Hollywood TV, movie writers to fire agents in fees deadlock – MarketWatch

Hollywood TV, movie writers to fire agents in fees deadlock - MarketWatch

Hollywood writers begin firing their agents over fee dispute

(CNN)Hollywoods biggest labor battle in a decade is officially underway. The issue, as is usually the case, is money.

Refresh for more updates. After the WGA and ATA failed to reach an agreement, writers and showrunners started posting their letters terminating their working relationship with their agents. Damon Lindelof and Hart Hanson are the latest to post their letters joining a mass of other top industry names including Steven DeKnight, Alexi Hawley, Tim Doyle and Chrissy Pietrosh. Most are very cordial to their agents but not the wire creator David Simon who has been outspoken.

Writers Guild of America Tells Writers To Fire Their Agents After Talks Fail

Related Story Writers Share Signed Termination Letters As Mass Firing Of Agents Begins After WGA-ATA Talks Fail

Damon Lindelof, Hart Hanson Among Top Showrunners Posting Termination Letters In Wake Of Failed WGA-ATA Negotiations

Lindelof, who is currently working on the forthcoming Watchmen adaptation for HBO, posted his letter to CAA on Instagram. My agents signed me in 1999,” he wrote. “When no one else believed in me, they did. For that, I will be forever grateful. Twenty years later, the business has radically transformed… as such, it is time to remember and reinstate the principle upon which “representation” is based. My agents have become my friends… I am relying on that friendship to persevere as we all move through a trying period of transition. As brutal as it is to send this letter, I UNEQUIVOCALLY stand with my sisters and brothers and my union. Only through collective action can we restore balance. #IStandWithTheWGA”

The Writers Guild left the negotiating table after extending its deadline with the ATA by six days last weekend, with the practice of agency packaging — which the WGA considers to be a conflict of interest that stagnates writers’ salaries — at the root of the conflict. The ATA agreement expired at midnight April 12, and is now replaced by a Code of Conduct that agents must abide by in order to represent WGA writers. The code forbids packaging, agents are not signing it, and that leaves the writers ending agency relationships.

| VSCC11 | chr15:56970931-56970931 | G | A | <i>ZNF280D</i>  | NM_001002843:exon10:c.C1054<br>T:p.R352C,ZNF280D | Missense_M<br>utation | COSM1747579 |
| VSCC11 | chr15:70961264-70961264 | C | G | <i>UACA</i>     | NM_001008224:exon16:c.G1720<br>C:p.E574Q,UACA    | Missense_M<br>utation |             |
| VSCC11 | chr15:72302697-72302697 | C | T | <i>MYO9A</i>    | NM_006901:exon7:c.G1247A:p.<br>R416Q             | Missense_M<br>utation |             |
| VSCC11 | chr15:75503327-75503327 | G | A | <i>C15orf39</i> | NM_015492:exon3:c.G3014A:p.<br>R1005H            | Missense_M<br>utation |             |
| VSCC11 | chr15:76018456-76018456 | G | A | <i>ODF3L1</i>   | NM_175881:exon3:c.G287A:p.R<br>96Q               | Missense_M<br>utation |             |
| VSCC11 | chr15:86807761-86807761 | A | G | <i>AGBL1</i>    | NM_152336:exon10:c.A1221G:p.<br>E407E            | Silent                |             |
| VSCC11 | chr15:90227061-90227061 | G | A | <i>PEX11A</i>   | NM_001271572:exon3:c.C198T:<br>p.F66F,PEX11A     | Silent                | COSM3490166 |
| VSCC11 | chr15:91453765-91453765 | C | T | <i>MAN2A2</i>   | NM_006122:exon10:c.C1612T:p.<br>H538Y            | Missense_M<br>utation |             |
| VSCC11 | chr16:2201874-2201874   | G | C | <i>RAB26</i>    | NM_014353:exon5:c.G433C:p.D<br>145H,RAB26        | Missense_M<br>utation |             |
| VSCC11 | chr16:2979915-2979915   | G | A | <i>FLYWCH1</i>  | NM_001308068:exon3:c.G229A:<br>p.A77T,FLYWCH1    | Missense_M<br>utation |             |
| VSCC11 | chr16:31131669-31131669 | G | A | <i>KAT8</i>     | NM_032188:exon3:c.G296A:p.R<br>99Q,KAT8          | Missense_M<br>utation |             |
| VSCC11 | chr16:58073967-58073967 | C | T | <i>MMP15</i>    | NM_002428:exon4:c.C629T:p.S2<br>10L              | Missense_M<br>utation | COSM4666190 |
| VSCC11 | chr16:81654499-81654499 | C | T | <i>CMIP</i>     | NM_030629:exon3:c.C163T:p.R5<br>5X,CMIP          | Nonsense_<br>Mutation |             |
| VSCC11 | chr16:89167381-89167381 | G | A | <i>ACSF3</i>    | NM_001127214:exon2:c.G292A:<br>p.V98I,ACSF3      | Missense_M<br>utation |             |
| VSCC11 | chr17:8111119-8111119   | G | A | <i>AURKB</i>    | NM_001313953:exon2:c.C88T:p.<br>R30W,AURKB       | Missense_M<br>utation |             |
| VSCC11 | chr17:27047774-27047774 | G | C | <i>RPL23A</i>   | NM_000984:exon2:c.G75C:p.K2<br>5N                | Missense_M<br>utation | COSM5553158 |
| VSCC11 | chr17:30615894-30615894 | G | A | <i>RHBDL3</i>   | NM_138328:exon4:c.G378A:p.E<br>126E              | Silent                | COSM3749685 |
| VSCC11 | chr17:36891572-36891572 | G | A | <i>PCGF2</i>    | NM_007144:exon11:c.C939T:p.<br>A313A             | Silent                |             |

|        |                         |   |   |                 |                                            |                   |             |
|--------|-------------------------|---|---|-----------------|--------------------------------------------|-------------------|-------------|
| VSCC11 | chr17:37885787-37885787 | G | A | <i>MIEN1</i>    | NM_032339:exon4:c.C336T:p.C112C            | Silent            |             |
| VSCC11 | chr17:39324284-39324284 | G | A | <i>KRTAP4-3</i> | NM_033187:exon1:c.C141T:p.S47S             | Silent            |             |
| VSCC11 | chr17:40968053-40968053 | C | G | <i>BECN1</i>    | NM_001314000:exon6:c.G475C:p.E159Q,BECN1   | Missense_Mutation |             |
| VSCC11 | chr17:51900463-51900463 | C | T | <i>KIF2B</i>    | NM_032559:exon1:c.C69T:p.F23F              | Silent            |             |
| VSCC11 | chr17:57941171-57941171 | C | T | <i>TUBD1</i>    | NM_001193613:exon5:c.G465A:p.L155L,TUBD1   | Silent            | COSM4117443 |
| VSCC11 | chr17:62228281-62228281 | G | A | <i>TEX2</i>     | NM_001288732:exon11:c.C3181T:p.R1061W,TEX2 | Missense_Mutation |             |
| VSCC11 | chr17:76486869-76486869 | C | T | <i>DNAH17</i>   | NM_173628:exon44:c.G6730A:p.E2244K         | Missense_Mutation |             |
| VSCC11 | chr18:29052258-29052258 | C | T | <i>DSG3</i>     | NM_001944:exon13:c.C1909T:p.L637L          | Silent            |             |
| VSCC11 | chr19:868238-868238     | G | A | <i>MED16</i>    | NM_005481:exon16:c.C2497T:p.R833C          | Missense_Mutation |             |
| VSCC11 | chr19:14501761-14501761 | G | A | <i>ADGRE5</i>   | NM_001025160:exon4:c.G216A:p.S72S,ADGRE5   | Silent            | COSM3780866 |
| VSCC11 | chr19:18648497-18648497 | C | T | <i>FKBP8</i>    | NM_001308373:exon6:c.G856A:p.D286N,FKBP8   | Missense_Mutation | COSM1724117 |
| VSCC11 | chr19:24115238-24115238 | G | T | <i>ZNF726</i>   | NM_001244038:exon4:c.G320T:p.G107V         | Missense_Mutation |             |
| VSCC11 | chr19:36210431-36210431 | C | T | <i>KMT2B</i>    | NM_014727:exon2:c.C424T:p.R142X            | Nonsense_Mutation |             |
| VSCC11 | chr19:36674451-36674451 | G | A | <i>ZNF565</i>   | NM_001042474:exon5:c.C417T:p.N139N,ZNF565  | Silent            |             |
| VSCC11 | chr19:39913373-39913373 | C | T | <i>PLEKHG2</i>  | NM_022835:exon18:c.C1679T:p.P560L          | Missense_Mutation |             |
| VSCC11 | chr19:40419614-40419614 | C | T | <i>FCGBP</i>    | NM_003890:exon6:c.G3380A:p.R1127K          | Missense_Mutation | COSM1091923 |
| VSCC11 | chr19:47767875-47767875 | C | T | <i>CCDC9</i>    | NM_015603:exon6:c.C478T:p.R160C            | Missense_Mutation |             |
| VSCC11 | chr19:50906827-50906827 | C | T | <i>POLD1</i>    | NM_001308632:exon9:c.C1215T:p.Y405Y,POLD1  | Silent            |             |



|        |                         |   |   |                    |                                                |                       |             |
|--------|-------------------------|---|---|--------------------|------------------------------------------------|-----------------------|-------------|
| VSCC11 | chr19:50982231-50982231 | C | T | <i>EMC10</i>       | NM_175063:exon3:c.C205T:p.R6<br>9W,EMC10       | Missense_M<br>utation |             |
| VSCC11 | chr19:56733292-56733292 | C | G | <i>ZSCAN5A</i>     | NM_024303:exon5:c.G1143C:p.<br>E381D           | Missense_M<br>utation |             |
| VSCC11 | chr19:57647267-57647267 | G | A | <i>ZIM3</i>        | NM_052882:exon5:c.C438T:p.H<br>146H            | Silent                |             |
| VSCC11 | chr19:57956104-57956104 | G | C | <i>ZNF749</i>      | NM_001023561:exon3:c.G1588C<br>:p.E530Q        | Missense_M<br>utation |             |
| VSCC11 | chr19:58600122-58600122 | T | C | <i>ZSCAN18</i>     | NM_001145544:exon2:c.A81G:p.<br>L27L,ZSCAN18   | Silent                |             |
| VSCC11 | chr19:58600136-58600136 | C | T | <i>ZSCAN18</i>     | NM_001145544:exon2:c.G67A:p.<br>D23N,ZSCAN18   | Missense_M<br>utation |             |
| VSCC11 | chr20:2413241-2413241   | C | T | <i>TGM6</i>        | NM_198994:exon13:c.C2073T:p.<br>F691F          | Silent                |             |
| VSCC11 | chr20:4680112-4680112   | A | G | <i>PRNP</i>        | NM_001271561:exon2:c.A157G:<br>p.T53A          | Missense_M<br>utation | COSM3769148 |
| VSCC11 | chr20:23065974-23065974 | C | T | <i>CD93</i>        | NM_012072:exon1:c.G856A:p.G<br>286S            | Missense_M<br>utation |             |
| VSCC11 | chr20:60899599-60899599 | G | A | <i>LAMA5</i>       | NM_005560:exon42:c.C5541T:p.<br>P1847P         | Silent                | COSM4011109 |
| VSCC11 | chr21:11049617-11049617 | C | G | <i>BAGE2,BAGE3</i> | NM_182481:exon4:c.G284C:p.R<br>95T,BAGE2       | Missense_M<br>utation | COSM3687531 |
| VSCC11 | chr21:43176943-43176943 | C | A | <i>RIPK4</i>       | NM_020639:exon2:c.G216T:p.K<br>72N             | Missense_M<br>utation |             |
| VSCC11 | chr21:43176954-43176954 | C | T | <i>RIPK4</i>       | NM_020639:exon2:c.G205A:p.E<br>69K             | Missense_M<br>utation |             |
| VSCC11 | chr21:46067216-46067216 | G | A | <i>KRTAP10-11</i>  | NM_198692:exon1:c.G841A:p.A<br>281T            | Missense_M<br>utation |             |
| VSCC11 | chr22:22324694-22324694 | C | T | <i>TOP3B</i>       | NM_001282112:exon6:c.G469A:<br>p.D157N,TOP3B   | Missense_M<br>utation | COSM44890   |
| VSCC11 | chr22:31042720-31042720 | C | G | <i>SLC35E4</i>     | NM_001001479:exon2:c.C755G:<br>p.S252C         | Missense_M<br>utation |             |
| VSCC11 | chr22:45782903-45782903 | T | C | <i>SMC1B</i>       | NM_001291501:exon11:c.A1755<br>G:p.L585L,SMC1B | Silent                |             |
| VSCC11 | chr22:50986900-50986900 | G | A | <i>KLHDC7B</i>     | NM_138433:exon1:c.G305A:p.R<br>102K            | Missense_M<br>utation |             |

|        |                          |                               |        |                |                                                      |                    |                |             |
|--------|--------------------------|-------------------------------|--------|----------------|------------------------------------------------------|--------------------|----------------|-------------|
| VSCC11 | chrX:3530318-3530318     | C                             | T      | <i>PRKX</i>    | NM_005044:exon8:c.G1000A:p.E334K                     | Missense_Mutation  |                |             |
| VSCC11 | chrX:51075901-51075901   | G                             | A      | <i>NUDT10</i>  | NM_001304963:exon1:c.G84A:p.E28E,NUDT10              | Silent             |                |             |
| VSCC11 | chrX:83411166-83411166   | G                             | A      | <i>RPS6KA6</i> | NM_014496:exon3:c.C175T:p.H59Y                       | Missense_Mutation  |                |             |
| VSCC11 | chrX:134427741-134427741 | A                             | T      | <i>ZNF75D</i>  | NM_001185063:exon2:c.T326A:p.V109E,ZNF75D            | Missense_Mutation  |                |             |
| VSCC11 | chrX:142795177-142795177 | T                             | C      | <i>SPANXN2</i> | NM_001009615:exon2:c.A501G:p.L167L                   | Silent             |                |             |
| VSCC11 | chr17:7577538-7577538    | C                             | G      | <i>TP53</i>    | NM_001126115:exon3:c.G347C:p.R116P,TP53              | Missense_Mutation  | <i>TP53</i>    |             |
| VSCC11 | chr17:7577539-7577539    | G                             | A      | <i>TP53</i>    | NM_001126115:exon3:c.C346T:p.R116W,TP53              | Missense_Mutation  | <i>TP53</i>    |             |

Hart took to Twitter posting his letter to WME, saying: “Standing with my Guild. #IStandWithWGA And I love my agent, Matt Solo. We’ve been friends for 21 years.”

The form letter which was sent to each member to send to their agency read: “Effective April 13, 2019, if your agency has not signed a franchise agreement with the Writers Guild of America, whether in the form of a Code of Conduct or a negotiated agreement, under WGA rules I can no longer be represented by you for my covered writing services. Once your agency is again in good standing with the Writers Guild, we can reestablish our relationship. Thank you.”

I love my film agent like family. Hes the first & only one Ive ever had. Hes honest, loyal & kind. I know our relationship always comes before the agency. I cant imagine my life right now without everything hes done for me the last ~14 years.

The new Code of Conduct, approved by the WGA membership last month, includes the elimination of packaging and agencies’ affiliation with production entities, and all of the major agencies have said that they will not sign it.

Dave McNary Film Reporter @Variety_DMcNary FOLLOW Dave's Most Recent Stories Patton Oswalt, David Simon, Danny Zuker, More WGA Members Post Termination Letters Mindy Kaling, Priyanka Chopra Teaming on Wedding Comedy for Universal Film News Roundup: Leslie Jones, Kristen Bell Starring in Coupon Story ‘Queenpins’ View All Facebook Twitter Reddit Email Show more sharing options LinkedIn WhatsApp Print Pin It Tumblr CREDIT: Chris Pizzello/Invision/AP/REX/S High-profile members of the Writers Guild of America, including Patton Oswalt, David Simon, Shawn Ryan, Michael Schur, John August, Amy Berg, Danny Zuker and many more have gone public with letters formally firing their agents in compliance with the WGA’s order to do so.

The form letter was linked in WGA’s missive to members this afternoon for each to sign electronically. The letter, the guild says, “in plain and respectful language accomplishes the task” of notifying the writer’s agency that they cannot represent him/her until they sign the new Code of Conduct. According to the WGA, the letter also protects the writers legally “in case there is a further commission dispute.”